Dallas County Jail Adds Election Day Polling Place After Pressure from Activists
Nearly all county jails make incarcerated people rely on absentee ballots to vote. Voting rights organizers say that misses eligible voters, and have started pushing to set up polling places behind bars.
Jessica Pishko | July 26, 2023
Last summer, Dallas County Sheriff Marian Brown sat inside her car to record a video to post social media talking about voting inside her jail. Progressive activists had been pushing her and other county officials to do more to ensure ballot access for people in the jail who are eligible to vote but often face barriers in doing so. Brown began her video saying she had recently encountered constituents who asked her, “‘Are you going to let them vote?’—them being the inmates.”
Brown explained that eligible voters in the jail could request and mail ballots, since confinement in jail is one the few situations that allow people to vote absentee in Texas. “Some people would have you think that we’re not allowing people to vote,” the Democratic sheriff continued. “Such is not the case. They are voting. It’s just that they’re not doing so at a polling station.”
A few months after Brown’s video, in the November midterms, just one person voted from jail via an absentee ballot, according to county data obtained by Bolts, which is in keeping with the historical trends. Roughly 6,000 people are held inside the massive jail on the edge of downtown Dallas. The vast majority are incarcerated pretrial and many are likely eligible to vote, but few actually do. Only two people voted by mail from the jail in the 2016 presidential election. That number rose in the 2020 presidential election but remained a tiny share of the jail population, with 34 people returning a mail ballot.
Dallas activists had asked for a polling place to be installed at the jail for last year’s midterm elections, but faced pushback from some officials, including a county commissioner who called the issue “less than last on my list.” In her message posted to social media last summer, Brown questioned the feasibility of a polling place at the jail and claimed that adding one could compound short staffing at her lockup.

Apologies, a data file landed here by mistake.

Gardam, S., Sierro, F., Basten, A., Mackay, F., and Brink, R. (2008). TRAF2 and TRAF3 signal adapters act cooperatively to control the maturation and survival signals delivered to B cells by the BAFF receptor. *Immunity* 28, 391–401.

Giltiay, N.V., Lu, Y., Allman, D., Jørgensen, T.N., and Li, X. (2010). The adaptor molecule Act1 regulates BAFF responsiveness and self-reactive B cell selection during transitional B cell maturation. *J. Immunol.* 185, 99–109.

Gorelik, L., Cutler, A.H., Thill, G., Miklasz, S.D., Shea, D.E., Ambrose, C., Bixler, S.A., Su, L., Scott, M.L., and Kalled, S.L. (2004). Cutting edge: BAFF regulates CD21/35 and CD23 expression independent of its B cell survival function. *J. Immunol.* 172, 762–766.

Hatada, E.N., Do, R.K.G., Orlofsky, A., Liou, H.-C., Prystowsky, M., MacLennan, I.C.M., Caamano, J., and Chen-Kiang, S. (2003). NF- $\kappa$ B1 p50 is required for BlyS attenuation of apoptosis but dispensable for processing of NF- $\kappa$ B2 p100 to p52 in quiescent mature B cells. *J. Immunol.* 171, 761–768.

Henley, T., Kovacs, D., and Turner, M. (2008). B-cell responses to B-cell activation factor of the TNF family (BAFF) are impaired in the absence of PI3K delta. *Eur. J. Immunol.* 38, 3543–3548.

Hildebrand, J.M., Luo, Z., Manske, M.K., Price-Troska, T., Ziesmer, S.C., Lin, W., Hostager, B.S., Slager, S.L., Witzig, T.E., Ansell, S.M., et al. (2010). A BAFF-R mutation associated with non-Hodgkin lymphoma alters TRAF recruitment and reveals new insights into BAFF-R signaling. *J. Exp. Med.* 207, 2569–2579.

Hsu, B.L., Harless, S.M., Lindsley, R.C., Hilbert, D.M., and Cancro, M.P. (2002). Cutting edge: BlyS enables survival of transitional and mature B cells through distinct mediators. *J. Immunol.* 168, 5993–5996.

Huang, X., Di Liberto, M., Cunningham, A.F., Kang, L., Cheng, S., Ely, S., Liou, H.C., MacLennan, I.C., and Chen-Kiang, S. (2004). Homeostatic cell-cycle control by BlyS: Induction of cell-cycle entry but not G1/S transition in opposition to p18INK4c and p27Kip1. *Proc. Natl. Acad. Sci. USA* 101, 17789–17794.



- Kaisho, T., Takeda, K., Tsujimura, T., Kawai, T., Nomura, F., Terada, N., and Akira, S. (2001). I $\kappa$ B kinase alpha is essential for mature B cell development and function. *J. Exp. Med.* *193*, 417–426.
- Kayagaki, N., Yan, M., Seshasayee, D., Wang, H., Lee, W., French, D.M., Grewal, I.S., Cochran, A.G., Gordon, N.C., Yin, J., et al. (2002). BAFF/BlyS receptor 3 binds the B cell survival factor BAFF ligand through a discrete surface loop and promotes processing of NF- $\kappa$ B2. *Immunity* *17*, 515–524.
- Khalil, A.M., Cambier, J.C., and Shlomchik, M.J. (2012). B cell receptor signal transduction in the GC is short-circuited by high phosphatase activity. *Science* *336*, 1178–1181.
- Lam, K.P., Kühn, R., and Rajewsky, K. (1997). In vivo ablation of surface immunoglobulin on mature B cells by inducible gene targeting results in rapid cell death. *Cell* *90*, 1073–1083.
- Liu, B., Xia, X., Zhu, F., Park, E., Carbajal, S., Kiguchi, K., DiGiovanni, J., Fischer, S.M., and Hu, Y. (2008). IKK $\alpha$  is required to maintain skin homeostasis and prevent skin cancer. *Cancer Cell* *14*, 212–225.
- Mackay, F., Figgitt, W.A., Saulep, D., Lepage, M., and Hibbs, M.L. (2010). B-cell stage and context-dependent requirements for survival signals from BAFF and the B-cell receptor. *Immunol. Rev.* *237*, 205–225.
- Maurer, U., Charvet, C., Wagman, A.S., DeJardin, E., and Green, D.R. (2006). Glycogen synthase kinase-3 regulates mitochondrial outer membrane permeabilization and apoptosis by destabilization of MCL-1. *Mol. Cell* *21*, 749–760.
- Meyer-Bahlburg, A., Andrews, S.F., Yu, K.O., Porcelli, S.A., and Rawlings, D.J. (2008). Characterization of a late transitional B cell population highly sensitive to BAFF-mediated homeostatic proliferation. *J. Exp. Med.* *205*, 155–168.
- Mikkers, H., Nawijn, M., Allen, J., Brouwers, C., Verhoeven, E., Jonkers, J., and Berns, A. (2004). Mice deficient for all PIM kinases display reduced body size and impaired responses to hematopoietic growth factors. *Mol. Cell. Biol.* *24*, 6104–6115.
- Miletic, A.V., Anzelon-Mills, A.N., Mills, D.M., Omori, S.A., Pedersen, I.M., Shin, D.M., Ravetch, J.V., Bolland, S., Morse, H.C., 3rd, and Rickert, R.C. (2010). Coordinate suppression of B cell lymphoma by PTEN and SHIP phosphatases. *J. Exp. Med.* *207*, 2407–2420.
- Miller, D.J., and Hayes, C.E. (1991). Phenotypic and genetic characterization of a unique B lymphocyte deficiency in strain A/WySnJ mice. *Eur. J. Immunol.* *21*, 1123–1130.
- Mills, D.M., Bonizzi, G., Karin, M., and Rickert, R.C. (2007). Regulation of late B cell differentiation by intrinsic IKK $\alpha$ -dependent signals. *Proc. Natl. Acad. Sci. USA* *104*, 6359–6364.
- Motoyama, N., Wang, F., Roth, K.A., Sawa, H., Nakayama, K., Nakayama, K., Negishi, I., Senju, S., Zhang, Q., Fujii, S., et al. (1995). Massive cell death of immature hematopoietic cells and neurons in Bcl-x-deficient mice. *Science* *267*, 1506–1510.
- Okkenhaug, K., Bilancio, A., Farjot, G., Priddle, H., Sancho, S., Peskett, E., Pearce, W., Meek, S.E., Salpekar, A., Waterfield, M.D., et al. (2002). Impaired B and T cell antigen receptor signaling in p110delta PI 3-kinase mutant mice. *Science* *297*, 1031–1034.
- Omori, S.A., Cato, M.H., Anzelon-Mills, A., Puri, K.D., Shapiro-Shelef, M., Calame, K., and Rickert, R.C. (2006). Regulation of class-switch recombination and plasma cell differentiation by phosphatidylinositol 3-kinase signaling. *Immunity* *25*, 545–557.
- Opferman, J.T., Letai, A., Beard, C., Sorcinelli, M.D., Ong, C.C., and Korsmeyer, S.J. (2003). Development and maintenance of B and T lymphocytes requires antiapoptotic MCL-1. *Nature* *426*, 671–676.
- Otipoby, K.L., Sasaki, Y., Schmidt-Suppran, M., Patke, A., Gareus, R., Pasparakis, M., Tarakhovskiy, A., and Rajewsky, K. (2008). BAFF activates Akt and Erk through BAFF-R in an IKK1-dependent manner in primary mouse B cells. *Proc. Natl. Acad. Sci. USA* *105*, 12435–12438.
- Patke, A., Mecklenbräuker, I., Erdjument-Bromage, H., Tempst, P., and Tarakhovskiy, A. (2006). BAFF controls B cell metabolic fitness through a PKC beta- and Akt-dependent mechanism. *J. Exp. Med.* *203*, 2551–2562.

But activists got their wish this past spring, when officials quietly approved a jail polling place for the May 6 municipal elections. “This is something we have actively been working on for some time,” Brown said in another post. “We are pleased to be able to expand voting for our inmates in Dallas County Jail.”
Twenty people voted in person at this new polling place on May 6. An additional ten returned an absentee ballot from the jail. While an increase from November, especially for generally low-turnout local elections, the numbers are still pale compared to the county’s immense jail population. Brown said in her announcement that her office would use the spring’s low-profile elections to iron out any logistical issues. “The municipal elections afford us the opportunity to do a trial run to fill these gaps,” she said.
As far back as 1974, the U.S. Supreme Court has affirmed voting rights for people held in pretrial detention who, unlike people in state prisons, haven’t been convicted of a crime. But whether people in local lockups can actually exercise that right often depends on county sheriffs, who run the majority of county jails.
Nearly all jails make incarcerated people who want to vote request an absentee ballot through the mail and then send it back, which can be tricky given tight deadlines and mail delays. This system also misses people who enter the jail after the deadline to apply for an absentee ballot. In 2020, for instance, the 6th U.S. Circuit Court of Appeals ruled that Ohio officials were not required to help eligible voters incarcerated after this deadline, even though election officials provide voting options for people hospitalized after that deadline.
“There are a lot of issues with absentee ballots as the primary means for ballot access in custody,” Nicole Porter, senior director of advocacy for the Sentencing Project, told Bolts. “People in mailrooms don’t know how to treat ballots properly… And the jail facility itself lacks training and accountability.”
Activists have played a vital role expanding voting access behind bars by visiting local jails to register eligible voters and provide election day information. But in recent years they have also started pushing for election-day polling sites in lockups.